Trafficking in Persons Report 2008 - France
|Publisher||United States Department of State|
|Author||Office to Monitor and Combat Trafficking in Persons|
|Publication Date||4 June 2008|
|Cite as||United States Department of State, Trafficking in Persons Report 2008 - France, 4 June 2008, available at: http://www.refworld.org/docid/484f9a1628.html [accessed 24 May 2015]|
|Disclaimer||This is not a UNHCR publication. UNHCR is not responsible for, nor does it necessarily endorse, its content. Any views expressed are solely those of the author or publisher and do not necessarily reflect those of UNHCR, the United Nations or its Member States.|
FRANCE (Tier 1)
France is a destination country for persons trafficked for the purposes of commercial sexual exploitation and forced labor. Romania, Bulgaria, Nigeria, Cameroon, and other nations in Eastern Europe and Africa are the primary source countries for women trafficked for sexual exploitation, although some South American and Asian women are also trafficked to France. A majority of the estimated 18,000 women in France's commercial sex trade are likely victims of trafficking. Romania and Bulgaria are the primary source countries for men trafficked to France for sexual exploitation. Involuntary servitude among domestic workers, primarily young women and girls, is also a problem. One NGO reports that there have been instances of such exploitation by diplomats serving in France. There are reports that French Guiana is a destination for women and children trafficked from Brazil for sexual exploitation.
The Government of France fully complies with the minimum standards for the elimination of trafficking. In 2007, the French government revised its anti-trafficking law to better prosecute forced labor violations and for the first time, French courts used the country's long-standing anti-trafficking statute to convict two individuals for sex trafficking crimes. The Government of France also demonstrated progress in its efforts to protect and assist victims, although NGOs expressed some frustration with the victim assistance system.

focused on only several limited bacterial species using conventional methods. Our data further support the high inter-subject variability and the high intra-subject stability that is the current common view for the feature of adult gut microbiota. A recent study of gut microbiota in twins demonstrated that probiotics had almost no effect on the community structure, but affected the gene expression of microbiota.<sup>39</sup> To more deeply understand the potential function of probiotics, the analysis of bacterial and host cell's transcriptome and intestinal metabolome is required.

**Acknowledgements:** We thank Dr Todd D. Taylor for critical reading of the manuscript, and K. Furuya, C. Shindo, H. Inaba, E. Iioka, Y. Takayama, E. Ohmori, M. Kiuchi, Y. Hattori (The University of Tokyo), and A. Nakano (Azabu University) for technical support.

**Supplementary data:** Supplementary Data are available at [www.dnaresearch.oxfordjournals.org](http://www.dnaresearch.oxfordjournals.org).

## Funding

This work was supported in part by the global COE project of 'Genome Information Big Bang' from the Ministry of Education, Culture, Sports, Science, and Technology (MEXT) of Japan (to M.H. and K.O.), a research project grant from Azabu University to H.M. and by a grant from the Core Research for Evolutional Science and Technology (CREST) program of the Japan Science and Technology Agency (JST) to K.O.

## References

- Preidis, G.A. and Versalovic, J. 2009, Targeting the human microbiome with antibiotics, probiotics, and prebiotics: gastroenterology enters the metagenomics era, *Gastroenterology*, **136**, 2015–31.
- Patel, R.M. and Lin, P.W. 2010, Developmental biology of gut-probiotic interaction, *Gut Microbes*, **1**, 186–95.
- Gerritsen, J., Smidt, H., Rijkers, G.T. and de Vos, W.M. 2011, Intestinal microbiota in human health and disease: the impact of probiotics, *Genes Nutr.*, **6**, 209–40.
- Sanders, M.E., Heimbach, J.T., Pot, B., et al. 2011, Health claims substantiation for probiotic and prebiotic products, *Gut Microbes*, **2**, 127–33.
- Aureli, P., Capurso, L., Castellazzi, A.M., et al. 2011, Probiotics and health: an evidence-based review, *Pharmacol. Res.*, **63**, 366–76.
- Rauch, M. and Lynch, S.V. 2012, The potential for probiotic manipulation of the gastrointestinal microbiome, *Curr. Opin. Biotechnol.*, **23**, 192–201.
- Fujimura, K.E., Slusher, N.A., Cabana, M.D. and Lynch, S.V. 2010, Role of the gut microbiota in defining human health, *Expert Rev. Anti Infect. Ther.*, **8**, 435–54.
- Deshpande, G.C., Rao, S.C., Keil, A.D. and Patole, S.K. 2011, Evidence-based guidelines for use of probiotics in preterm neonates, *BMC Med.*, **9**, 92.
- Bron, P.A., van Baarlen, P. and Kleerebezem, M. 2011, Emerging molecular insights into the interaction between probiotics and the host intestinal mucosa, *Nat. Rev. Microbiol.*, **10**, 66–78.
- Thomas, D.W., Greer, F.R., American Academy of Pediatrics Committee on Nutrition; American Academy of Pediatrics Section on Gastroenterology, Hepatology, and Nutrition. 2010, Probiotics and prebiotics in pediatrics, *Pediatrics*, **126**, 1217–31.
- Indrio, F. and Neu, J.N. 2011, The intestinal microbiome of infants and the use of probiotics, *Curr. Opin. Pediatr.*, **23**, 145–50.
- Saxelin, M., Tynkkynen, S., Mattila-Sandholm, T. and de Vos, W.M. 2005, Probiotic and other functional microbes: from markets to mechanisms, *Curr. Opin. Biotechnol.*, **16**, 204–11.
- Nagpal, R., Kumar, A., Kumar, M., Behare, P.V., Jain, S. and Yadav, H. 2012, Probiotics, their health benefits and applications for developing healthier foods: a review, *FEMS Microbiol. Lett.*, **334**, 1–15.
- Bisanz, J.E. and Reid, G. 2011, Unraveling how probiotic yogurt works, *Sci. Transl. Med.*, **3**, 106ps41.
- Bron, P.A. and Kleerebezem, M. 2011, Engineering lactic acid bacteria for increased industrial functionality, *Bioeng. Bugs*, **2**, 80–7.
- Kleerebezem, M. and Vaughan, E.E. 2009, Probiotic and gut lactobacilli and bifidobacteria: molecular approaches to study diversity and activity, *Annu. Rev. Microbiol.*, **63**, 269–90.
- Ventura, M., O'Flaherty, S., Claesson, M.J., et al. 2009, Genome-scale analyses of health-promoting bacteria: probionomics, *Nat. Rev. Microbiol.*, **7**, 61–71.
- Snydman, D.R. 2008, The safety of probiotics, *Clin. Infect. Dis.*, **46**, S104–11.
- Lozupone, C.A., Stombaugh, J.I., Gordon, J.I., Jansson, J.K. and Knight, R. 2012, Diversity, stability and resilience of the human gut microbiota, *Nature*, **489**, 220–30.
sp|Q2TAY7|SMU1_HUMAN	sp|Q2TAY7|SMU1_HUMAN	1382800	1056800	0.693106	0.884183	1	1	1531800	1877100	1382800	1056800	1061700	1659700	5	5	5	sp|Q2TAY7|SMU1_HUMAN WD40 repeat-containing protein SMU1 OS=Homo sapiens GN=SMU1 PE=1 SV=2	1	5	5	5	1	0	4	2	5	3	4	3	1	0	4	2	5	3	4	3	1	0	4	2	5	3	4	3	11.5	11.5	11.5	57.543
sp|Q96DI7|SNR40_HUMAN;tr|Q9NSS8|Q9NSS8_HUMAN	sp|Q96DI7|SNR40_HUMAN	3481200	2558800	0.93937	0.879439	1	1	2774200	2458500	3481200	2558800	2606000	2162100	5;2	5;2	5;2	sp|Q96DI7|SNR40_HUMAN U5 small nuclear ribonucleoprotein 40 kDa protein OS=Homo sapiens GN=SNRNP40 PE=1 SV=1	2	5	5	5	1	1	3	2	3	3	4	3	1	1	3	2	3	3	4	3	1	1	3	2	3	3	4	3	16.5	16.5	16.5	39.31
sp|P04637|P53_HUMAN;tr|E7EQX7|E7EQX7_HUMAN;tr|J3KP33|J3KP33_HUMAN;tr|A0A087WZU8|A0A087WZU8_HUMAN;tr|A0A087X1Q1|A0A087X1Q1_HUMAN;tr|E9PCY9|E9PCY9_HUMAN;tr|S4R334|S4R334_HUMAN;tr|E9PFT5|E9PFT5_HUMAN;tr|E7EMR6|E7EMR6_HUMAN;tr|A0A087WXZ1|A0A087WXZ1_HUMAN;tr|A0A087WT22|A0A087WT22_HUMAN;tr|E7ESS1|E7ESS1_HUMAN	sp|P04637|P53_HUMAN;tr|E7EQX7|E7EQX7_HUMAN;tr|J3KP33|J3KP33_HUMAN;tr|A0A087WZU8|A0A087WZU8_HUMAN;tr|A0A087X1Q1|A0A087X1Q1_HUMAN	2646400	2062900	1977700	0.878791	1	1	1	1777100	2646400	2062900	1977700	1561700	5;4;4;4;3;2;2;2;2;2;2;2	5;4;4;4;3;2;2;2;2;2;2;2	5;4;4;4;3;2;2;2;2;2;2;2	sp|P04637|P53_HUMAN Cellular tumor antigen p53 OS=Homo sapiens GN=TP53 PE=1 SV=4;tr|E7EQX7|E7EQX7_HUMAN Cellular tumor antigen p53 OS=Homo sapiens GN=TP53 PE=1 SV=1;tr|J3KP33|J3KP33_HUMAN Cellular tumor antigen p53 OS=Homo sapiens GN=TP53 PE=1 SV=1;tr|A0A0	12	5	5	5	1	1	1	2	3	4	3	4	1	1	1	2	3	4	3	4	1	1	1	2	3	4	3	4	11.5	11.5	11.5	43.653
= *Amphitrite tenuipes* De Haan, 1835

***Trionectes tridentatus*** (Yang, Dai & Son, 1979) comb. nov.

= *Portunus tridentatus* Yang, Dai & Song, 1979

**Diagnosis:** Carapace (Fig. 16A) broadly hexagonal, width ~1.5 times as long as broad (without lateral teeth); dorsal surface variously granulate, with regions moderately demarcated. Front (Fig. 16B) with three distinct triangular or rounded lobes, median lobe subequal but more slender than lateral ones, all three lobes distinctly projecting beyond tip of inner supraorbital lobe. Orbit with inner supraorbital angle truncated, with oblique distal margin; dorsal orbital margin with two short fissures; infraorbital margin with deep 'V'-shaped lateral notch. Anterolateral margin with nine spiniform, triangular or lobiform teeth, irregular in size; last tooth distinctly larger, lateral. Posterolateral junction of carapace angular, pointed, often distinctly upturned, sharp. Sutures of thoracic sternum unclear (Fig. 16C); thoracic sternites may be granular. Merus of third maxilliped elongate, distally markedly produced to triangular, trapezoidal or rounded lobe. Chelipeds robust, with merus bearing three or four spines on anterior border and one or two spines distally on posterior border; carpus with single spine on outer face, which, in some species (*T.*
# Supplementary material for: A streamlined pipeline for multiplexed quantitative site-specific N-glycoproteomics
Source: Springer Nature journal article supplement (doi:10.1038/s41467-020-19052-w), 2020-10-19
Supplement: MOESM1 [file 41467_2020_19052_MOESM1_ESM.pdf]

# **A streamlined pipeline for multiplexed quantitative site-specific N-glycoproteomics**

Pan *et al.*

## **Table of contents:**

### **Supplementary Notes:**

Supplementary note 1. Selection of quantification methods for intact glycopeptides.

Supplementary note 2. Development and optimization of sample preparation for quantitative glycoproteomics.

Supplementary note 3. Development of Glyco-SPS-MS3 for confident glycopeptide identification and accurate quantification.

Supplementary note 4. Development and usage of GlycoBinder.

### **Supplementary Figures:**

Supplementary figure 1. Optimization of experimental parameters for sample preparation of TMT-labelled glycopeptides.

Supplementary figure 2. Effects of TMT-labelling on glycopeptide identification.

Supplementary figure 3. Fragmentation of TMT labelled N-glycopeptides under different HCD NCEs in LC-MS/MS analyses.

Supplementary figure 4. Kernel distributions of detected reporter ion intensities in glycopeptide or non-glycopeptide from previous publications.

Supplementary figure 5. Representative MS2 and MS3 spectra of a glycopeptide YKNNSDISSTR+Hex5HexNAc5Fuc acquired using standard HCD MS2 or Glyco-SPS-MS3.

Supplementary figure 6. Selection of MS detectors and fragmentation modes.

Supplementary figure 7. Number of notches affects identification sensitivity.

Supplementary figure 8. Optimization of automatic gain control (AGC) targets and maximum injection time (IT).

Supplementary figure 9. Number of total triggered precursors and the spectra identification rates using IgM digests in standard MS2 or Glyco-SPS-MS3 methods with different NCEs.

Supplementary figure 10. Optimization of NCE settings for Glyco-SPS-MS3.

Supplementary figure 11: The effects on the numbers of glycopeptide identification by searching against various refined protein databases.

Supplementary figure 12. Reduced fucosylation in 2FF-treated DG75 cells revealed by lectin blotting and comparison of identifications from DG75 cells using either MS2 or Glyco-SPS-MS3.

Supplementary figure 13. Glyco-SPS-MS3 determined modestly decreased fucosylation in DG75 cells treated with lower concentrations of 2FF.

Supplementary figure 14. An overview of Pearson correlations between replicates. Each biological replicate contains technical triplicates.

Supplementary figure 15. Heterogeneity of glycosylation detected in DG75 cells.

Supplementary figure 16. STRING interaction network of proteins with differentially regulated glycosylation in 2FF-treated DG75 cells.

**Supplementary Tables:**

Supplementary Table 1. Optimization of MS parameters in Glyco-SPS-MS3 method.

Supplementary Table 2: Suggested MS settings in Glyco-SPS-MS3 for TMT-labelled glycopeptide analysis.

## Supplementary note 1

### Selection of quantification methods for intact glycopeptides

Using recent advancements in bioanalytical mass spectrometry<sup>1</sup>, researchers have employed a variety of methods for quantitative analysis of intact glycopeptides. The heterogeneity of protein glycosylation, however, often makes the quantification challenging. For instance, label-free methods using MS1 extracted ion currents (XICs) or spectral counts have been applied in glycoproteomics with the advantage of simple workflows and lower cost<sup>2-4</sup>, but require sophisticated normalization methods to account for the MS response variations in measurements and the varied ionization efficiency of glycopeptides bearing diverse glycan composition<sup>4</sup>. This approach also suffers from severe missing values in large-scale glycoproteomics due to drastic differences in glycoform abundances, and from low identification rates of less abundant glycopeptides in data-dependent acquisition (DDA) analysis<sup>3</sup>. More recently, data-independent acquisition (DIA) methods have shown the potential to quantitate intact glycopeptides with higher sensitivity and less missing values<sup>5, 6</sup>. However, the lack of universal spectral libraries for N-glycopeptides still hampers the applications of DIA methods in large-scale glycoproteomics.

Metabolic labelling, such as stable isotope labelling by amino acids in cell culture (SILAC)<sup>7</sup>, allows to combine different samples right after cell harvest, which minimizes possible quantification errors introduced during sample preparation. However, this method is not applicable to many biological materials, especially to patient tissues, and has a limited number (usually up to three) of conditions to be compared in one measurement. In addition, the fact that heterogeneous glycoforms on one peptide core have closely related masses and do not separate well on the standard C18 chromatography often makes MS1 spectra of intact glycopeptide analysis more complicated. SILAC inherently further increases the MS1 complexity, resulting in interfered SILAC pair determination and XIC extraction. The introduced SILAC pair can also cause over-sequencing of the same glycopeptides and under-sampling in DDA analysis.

Recommendation for France: Consider measures to advance the usage of the anti-trafficking statute; take steps to help ensure trafficking victims are not inappropriately penalized solely for unlawful acts as a result of being trafficked; and establish a formal national referral mechanism and procedures for victim identification among vulnerable populations, such as women in prostitution.
France prohibits trafficking for both sexual and labor exploitation through Article 225 of its penal code, which prescribes penalties that are sufficiently stringent and commensurate with those prescribed for rape – 7 years' imprisonment. In October 2007, France strengthened its anti-trafficking law in an effort to more easily prosecute forced labor traffickers. The National Trafficking in Persons Unit reported that France convicted two individuals for sex trafficking in 2007 for the first time under pimping and anti-trafficking laws. Prosecutors continued to prefer anti-pimping laws to the anti-trafficking law in sex trafficking cases where penalties are equally stringent because prosecutors are accustomed to the established case law of long-standing pimping statutes. France reported 505 pimping arrests and prosecutions in 2006, which is comparable to 2005 data. The government does not disaggregate sentencing data by crime, making it unclear how many of these were trafficking cases. The Ministry of Interior has three teams of police that work with other EU member states to combat trafficking. These teams share information on trafficking cases and train hotel managers and employees on identifying trafficking-related activity. There were no known efforts to apply law enforcement efforts against significant child sex trafficking reported in French Guiana, which is entirely under the administrative control of France.